Of Veins and Scams
Sony has unveiled a new type of really cool biometric authentication technology: vein recognition. That's right, like the ones in your fingers. Biometrics has been kind of a bastard child of security research yielding products that seem cool in movies but are often impratical due to costs or being too easy to break. The hardest to fool, at least up til now, is ocular scanning. This new technology uses a CMOS sensor to capture scattered light inside a finger, and they claim that this is fool-proof (famous last words). I don't see why someone couldn't make a fake finger that created the same light pattern as someone else's finger if they severed it. The problem with passwords that are parts of your body is that they put your life in risk if they guard something valuable enough and they sometimes don't have another key, so once you lose your valued body part you're also locked out of the car/data/house/panic room/etc. Who knows, maybe Sony has really thought this through - I just haven't seen much more detail on it.
Social engineering scams are tricky, so maybe this list of the top 5 Internet scams will open your eyes to what you should be aware of as being possible out there. As a general rule of thumb: if it's too good to be true then it probably is. Getting something great for little or nothing is probably a red flag. Instead of reading forwarded warnings of new virus outbreaks (or forwarding them yourself, for that matter) how about using your instincts and thinking hard before volunteering sensitive information to someone or clicking on a link that seems shady? We all make mistakes, they important thing is that you learn from everyone else's mistakes and take the proper precautions.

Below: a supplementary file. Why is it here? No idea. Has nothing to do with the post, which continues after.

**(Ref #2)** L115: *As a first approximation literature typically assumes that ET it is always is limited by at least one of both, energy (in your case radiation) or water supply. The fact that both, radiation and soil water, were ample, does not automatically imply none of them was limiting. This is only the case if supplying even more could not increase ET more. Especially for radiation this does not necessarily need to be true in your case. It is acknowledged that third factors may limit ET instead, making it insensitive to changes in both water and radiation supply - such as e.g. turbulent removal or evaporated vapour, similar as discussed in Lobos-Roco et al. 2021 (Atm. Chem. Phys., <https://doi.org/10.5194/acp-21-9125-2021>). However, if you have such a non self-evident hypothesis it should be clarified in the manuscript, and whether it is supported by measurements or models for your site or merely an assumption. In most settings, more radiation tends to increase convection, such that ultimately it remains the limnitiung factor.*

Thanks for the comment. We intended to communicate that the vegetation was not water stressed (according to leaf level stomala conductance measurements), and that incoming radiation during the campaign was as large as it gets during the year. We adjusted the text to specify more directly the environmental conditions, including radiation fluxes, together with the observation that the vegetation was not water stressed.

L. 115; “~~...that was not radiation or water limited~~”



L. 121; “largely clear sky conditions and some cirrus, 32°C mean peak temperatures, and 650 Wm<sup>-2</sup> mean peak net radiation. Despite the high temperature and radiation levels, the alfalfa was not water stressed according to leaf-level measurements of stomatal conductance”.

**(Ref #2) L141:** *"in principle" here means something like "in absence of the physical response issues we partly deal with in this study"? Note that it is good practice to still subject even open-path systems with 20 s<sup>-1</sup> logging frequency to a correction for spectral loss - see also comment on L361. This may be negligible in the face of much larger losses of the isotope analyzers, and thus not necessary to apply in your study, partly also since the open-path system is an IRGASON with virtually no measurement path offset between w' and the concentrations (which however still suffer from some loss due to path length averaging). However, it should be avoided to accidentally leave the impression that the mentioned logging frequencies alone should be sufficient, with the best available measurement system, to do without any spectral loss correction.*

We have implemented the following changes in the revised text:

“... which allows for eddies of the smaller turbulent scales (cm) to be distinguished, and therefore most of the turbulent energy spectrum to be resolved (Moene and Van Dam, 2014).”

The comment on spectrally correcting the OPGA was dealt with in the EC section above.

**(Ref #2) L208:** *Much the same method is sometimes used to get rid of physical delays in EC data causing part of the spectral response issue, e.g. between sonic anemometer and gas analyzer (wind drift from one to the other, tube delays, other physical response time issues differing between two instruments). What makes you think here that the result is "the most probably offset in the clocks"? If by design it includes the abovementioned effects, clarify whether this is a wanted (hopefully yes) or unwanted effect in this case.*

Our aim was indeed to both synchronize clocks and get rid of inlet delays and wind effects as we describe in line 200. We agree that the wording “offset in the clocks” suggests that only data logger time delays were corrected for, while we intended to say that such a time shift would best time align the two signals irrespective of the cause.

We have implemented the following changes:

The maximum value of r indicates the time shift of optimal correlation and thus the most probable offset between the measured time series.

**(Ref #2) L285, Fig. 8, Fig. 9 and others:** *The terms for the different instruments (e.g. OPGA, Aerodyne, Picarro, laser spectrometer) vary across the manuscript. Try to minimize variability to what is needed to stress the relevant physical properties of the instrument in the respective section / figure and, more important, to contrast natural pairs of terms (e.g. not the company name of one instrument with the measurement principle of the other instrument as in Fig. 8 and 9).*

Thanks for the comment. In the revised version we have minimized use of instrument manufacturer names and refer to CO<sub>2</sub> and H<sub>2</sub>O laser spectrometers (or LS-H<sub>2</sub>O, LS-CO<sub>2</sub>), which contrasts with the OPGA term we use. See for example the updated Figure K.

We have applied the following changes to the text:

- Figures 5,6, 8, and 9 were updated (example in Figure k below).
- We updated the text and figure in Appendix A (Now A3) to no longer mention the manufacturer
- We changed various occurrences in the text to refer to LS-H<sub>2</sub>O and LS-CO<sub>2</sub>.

YouTube Filtering and Popularity
The Electronic Frontier Foundation (EFF) is reaching out to those of you who pride yourselves on making mashups with bits of otherwise copyrighted material to talk to them and allow them to help you stake your claim against Warner Music if you've recently had a video muted or taken down even if your use of the copyrighted content is considered fair use and, hence, legal. In a world where mashups like this and pervasiveness of the music is the key to selling said content, it amazes me that Warner Music would prefer legal fees to legitimate sales.
YouTube has done something right, fortunately, in changing the home page recommendations from "Most Viewed" to "Most Popular". Popularity includes factors like how long people watch your video for after they go to it and how good the ratings are. They're hoping that this will stop the gaming of pushing videos to the front page off of sheer page views. After all, it's in YouTube's best interest to keep people coming back for more by showing them the good stuff from the get-go.